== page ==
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Can the Knicks turn Quincy Acy into a stretch four?

The Bearded Bomber must be released!

Elsa/Getty Images

It is said that even in the desert a flower can bloom, and the wasteland that was the New York Knicks' blowout loss to the Charlotte Hornets did produce a rose of such fragile beauty that it drove the MSG faithful into fits of ecstasy.

I am referring, of course, to the exploits of Quincy Acy, gentleman basketballer and the darkest of dark-horse MVP candidates:

If you missed the game (and I can't exactly blame you for that), the Bearded Bomber made it rain from downtown, dropping three from beyond the arc en route to a 16-point fourth quarter.

Acy attempted more three-pointers in the fourth quarter on Saturday afternoon (four) than he did in the 28 games he played prior to his suspension for his role in the Christmas Day ruckus (three).

That suspension seems to have been a turning point for Acy. With Amar'e Stoudemire out of the lineup and Samuel Dalembert exiled to the Phantom Zone, his minutes have obviously jumped up quite a bit. But what has really been surprising is his scoring, which has not only doubled in nearly every category, but has been remarkably efficient:

Believe it or not, this might be something more than garbage-time big-man YOLO chucking. Could Quincy be Acy shooting threes -gasp- by design?

Indeed, the Sacramento Bee reported that Acy -- then a member of the Kings -- had been working on his three-point shooting during the summer before he was traded to New York. He hoisted eight threes during the Kings' Summer League run. With the Knicks completely devoid of scoring options, it would appear that Acy is being given the green light from downtown.

And let me be the first to welcome our new Steve Novak! There is literally zero downside to letting Acy shoot threes at this point in the season. The time has come to get truly weird.

Acy's performance this season has fascinated me -- the guy is continually on the cusp of being a useful player, but can't quite get over the hump. I've already written about how his reputation as an "energy guy" is overrated, but he has legitimately helped the team on defense. Acy has been valuable to the Knicks, if only because the team has been astonishingly inefficient at allowing points when he's not on the floor -- believe it or not, they're a bit better than the league average when he plays. According to Kevin Pelton's real plus/minus ratings (which get a bit screwy with their forward position designations), Acy has been one of the most valuable defensive forwards in the league:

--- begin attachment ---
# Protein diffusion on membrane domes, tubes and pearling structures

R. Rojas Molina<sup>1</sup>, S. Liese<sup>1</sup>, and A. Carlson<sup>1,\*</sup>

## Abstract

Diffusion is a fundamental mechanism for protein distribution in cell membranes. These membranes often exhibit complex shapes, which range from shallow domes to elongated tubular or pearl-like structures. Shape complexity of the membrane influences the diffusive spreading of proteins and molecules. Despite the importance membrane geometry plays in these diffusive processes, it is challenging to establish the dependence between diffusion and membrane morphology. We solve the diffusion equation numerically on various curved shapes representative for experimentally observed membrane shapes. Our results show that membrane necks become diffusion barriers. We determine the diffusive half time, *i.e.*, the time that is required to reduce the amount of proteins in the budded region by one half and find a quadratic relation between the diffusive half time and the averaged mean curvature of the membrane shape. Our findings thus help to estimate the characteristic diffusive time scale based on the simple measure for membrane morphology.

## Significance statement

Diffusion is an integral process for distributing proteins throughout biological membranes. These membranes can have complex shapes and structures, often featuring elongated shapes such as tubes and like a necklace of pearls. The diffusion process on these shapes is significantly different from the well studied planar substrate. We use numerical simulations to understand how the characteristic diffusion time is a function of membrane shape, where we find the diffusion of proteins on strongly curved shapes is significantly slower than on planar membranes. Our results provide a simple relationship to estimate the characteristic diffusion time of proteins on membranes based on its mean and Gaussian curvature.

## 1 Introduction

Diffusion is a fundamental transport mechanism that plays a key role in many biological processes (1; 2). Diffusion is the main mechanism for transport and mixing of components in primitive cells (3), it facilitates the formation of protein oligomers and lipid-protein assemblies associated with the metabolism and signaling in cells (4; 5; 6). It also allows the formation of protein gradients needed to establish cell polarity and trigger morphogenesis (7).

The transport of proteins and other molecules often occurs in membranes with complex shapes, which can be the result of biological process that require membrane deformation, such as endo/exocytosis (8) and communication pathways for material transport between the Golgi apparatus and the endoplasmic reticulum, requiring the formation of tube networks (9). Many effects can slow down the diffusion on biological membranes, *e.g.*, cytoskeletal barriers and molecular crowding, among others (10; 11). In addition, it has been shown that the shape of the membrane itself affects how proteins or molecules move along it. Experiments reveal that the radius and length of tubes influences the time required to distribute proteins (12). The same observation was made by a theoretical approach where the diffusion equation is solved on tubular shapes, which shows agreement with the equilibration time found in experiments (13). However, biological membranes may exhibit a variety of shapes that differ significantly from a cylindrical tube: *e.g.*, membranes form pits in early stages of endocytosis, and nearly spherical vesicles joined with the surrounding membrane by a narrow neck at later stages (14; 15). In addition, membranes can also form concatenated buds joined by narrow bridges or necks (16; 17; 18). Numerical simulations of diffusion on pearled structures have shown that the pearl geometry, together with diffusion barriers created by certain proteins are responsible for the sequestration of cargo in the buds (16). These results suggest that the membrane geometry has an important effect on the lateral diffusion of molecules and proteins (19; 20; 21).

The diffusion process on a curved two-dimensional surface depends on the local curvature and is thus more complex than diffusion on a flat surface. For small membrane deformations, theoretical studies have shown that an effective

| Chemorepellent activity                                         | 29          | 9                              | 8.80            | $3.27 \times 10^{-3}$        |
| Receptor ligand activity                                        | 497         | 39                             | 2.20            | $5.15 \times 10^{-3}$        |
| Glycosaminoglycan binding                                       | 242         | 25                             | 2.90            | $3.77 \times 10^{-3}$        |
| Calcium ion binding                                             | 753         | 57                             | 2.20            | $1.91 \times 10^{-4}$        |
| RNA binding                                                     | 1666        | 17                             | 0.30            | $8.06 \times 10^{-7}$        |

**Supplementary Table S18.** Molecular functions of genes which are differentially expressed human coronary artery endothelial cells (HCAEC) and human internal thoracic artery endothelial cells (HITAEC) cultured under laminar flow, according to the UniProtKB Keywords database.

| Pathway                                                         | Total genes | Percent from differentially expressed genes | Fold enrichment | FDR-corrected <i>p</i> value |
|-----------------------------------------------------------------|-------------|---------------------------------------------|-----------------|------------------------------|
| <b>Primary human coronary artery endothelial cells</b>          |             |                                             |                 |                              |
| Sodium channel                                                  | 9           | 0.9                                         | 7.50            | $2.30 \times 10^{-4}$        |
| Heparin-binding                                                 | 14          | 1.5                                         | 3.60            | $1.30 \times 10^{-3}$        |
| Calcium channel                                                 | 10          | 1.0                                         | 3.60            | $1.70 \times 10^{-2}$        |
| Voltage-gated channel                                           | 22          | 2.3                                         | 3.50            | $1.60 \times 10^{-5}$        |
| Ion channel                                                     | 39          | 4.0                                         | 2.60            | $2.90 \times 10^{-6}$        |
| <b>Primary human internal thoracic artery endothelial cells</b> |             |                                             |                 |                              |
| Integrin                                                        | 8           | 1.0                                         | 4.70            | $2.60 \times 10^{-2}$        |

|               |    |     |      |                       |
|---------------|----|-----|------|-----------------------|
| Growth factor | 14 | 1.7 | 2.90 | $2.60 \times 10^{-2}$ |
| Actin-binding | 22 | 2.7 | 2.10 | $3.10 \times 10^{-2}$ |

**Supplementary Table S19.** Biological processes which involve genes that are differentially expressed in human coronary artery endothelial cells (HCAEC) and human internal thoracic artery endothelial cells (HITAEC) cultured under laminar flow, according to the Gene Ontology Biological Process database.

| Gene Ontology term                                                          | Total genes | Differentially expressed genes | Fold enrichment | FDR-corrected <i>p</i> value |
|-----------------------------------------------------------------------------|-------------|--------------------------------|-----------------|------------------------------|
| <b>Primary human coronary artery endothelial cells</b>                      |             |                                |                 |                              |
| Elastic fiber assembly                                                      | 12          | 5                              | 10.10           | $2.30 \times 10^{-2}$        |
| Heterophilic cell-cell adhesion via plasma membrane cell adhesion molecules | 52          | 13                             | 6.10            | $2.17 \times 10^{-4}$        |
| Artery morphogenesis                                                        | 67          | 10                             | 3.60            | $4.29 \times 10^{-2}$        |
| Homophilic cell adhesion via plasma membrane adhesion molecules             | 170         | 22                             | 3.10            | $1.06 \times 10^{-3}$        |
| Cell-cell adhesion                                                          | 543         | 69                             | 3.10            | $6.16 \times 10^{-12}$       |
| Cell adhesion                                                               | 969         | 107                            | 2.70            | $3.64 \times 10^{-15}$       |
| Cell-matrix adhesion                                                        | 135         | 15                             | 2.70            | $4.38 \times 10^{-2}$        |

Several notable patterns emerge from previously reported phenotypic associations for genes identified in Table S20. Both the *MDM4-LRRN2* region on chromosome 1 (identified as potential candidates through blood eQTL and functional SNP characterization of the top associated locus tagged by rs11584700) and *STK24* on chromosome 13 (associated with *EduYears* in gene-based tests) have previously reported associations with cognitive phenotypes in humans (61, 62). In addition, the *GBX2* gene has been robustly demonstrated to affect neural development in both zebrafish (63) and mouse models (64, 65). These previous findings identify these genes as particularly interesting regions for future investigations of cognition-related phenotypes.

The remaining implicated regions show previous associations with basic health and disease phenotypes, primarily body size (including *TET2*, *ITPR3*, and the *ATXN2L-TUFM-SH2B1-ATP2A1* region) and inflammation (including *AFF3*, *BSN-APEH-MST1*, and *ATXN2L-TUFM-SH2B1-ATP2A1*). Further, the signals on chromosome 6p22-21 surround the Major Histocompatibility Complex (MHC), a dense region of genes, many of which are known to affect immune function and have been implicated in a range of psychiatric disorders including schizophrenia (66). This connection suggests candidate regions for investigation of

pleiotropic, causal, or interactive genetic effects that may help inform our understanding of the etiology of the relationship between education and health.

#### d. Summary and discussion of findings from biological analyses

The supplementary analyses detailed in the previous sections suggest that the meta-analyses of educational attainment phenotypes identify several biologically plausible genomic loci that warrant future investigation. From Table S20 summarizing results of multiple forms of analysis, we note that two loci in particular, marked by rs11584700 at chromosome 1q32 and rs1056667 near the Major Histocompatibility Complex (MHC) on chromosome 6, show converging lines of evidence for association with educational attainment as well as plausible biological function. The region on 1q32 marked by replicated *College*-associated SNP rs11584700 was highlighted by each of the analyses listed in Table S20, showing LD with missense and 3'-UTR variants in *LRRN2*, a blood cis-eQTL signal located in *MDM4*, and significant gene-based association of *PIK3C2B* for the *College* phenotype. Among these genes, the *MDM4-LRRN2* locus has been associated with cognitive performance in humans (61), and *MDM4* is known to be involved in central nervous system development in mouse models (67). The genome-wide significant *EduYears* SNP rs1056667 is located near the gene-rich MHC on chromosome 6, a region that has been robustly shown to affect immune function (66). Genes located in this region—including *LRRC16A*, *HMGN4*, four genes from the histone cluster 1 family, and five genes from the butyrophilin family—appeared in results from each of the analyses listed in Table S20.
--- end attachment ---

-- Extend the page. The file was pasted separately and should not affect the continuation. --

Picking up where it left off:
His real problem is on the offensive end, where he has been a total non-factor. He's mediocre offensive rebounder, he can't catch a pass on the move or in traffic, and he's not a good passer. He just sort of hangs out, trying not to get in the way. His bipolar impact is reflected in his on/off numbers:

  • On court: 96.2 O-Rtg, 104.7 D-Rtg
  • Off court: 100.9 O-Rtg, 112.1 D-Rtg

But there is hope. While Acy's jumper is far from elegant -- he rarely shoots in rhythm and his feet are splayed out as if he's playing on a frozen pond -- it has been effective. He's shooting 41.5 percent on his jumpers, better than the Wizard of the Mid-Range himself, Mr. Jason Smith (39.8 percent), and he's hitting 47 percent of his shots off the catch.

Acy is still a bit hesitant about his role and his positioning in the Triangle, but there are ample opportunities to get him threes off the catch.

Check out this interesting example from the Portland game:

Jason Smith sets a high screen for Shane Larkin on the weak side and rolls to the basket, while Acy moves to the spot vacated by Jah to set a second screen. There's virtually zero chance that the Larkin will pass to Jah as the roll man, but his man does his due diligence and sags into the paint, while Larkin's man ices the Acy pick and forces Larkin toward the baseline.

The play is successful because Acy's defender does what most people do -- he ignores Acy at the three-point line. Instead he chases after Larkin for the double team. For the Knicks' offense to succeed, Acy has to be able to punish defenses for him alone...and this time, he does.

There is an opportunity here for all kinds of floor-spreading goodness -- not only with Quincy Acy, but with Travis Wear, who has also begun shooting threes. Given their lack of proven finishers right now, the Knicks almost have to play this way to score.

As a bonus, marginal young players like Acy have a chance to hone a new skill -- one that is critical to his development as an legitimate two-way option.

So please, unleash the Bearded Bomber. At this point, neither Acy nor the Knicks have anything to lose.